August 1, 2014
The Rabbit Hole
The typical focus here at Raising Aces is mechanical efficiency, analyzing how a pitcher makes the most of his athleticism to promote pitch command, velocity, and movement. Every once in a while, though, I like to delve into the realm of the weird. Today is one of those times.
Even at the highest level, there are a number of pitchers who exhibit bizarre quirks to their mechanics. Some of these oddities are merely an entertaining sidebar to an otherwise efficient delivery, serving as an amusing anecdote without deterring from the pitcher's task at hand, while other quirks throw a monkey wrench into the delivery and interfere with the basic task of throwing a baseball to a glove-sized target. That said, some of the best pitchers in the game have idiosyncrasies that appear to fly in the face of mechanical efficiency, yet they have overcome the physical obstacles to get the most out of their stuff.
Jonny Cueto's Version of the Tiant Twist
Cueto is having a fantastic season, effectively putting his quirkiness at center stage. The defining characteristic of his motion is a twist that turns Cueto's back on a hitter, aiming his upper half toward the right-center-field bleachers as he reaches the top of his delivery. The twist invokes visions of Luis Tiant, the mustachioed right-hander whose oddball antics defined his career and perhaps masked his stellar performance on the mound. The extreme technique certainly adds deception, and though it might be expected to form a barrier to repetition, Cueto has done an exceptional job of finding the same timing and positioning this season despite the unusual pattern.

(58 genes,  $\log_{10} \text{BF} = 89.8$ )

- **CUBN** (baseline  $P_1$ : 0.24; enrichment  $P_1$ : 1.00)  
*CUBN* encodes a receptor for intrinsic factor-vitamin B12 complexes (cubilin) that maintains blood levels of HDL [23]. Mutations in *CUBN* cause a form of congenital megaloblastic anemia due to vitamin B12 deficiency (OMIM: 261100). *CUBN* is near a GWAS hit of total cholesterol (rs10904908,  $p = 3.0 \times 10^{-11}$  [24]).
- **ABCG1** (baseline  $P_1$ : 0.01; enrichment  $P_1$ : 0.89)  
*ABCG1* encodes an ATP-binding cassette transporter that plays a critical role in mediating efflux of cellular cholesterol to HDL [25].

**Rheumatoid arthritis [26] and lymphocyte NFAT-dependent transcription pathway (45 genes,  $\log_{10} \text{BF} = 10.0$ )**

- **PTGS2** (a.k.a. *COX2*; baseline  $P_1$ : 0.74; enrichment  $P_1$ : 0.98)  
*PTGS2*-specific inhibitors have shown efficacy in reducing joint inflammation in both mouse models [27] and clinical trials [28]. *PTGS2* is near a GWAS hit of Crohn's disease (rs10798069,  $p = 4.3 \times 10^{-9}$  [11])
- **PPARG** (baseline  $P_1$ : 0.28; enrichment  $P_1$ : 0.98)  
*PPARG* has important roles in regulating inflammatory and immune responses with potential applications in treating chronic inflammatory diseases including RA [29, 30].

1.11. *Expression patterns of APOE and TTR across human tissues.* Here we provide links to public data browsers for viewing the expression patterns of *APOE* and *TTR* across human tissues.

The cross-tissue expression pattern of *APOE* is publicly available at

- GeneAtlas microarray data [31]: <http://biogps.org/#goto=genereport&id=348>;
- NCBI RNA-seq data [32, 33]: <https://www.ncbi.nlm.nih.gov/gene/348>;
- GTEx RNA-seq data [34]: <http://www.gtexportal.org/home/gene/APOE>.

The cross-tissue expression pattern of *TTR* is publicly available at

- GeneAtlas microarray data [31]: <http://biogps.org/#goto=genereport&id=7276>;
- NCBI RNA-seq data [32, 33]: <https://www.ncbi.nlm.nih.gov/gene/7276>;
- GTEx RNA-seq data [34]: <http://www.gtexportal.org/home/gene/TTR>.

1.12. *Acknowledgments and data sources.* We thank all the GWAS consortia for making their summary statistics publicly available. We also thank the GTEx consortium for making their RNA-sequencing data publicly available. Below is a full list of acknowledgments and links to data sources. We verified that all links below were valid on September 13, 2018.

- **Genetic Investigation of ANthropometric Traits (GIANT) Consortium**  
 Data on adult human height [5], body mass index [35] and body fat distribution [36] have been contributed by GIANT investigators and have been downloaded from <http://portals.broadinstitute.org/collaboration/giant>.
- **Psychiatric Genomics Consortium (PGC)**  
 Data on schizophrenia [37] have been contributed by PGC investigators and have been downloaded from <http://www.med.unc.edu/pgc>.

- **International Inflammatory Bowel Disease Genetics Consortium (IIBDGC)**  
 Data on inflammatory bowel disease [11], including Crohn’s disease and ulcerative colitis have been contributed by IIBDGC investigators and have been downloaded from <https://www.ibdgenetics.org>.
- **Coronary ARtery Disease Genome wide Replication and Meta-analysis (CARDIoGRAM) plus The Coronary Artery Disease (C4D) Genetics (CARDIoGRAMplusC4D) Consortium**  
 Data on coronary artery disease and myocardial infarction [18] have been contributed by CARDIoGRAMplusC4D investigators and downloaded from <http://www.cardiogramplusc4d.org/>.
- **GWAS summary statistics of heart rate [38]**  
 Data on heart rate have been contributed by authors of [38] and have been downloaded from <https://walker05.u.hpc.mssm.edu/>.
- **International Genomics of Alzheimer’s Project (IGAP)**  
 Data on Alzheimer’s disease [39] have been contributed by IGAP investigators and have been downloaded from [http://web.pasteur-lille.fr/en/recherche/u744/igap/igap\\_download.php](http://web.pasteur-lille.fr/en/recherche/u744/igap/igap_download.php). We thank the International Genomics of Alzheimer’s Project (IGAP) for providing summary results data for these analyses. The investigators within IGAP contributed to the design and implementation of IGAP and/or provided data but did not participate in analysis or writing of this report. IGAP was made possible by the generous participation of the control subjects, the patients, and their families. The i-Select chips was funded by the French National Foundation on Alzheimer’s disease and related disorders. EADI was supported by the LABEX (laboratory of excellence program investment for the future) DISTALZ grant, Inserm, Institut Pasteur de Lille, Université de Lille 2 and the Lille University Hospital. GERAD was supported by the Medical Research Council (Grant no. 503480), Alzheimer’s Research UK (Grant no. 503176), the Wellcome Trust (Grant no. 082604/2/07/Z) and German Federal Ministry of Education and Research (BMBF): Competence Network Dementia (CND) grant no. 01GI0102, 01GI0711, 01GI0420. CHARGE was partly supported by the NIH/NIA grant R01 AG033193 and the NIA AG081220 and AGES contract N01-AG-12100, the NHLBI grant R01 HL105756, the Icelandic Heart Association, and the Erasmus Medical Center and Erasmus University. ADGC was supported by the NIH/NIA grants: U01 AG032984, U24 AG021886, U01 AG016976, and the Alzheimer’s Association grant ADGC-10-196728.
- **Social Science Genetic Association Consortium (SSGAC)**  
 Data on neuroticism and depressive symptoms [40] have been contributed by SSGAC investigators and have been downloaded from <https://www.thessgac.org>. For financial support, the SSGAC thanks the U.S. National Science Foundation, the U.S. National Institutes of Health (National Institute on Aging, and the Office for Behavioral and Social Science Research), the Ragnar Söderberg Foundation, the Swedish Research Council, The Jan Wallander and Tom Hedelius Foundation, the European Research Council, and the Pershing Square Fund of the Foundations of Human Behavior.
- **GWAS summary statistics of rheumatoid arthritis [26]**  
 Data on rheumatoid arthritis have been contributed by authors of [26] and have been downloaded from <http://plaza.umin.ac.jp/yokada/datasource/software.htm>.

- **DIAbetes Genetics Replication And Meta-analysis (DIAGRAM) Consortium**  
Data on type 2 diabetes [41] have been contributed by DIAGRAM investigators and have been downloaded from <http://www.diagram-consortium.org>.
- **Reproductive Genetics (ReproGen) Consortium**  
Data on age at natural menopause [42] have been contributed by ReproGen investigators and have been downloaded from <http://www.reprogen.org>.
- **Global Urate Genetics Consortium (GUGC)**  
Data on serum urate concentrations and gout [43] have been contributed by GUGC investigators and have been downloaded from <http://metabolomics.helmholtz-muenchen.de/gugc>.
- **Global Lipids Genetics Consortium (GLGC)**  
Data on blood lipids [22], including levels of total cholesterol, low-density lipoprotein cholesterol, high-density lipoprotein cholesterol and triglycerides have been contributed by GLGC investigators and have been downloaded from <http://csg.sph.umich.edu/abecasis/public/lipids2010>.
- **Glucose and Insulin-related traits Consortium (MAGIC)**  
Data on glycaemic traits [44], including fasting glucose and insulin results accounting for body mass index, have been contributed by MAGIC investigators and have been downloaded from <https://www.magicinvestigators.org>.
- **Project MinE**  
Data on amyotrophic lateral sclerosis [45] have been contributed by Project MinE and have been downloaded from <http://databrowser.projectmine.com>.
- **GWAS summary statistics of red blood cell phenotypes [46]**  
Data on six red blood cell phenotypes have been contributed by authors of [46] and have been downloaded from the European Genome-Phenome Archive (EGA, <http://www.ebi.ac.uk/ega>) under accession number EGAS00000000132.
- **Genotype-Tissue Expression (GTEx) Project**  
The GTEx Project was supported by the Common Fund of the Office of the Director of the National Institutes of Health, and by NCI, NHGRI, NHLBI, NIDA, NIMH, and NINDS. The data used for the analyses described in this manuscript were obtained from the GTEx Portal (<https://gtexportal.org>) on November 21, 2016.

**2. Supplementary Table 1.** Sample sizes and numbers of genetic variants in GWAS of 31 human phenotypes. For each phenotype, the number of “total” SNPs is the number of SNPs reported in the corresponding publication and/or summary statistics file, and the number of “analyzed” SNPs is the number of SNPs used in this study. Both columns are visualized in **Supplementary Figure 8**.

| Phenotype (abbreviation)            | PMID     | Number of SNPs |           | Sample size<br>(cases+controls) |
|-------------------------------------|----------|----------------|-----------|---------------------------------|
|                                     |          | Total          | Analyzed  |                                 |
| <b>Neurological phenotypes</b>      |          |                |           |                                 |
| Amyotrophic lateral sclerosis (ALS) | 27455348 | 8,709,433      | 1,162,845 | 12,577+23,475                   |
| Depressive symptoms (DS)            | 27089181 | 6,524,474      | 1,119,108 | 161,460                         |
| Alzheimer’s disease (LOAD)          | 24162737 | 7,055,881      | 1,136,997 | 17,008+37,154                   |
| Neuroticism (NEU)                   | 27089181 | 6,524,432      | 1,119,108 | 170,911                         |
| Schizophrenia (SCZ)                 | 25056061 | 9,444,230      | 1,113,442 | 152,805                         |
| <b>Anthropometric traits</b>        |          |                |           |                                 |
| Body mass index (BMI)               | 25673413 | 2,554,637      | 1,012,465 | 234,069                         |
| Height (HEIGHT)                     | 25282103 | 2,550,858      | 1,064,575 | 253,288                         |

There is an increasing trend among big-league pitchers to create a reverse rotation of the hips as they get into max leg lift, turning away from the plate in a coil at the top of the delivery. Nobody has channeled Tiant to the extent of Cueto, though. The strategy has been famously adopted by Felix Hernandez, and though one might expect that the technique helps a pitcher to burst forward as he uncoils into the stride, the common rationale behind the reverse-twist is to keep the top-half closed into foot strike in order to prevent premature trunk rotation (aka “front shoulder flying open”).
Max Scherzer Channels His Inner Hooligan
For many pitchers, the spine transitions from hyperextension to flexion near the release point phase of the delivery, and in more extreme cases this transition involves a powerful move that looks as if the pitcher is executing a headbutt from release point through follow-through. In the case of Max Scherzer, the force of flexion is so intense that it would make a British soccer hooligan proud. As if the bi-colored eyes weren't intimidating enough.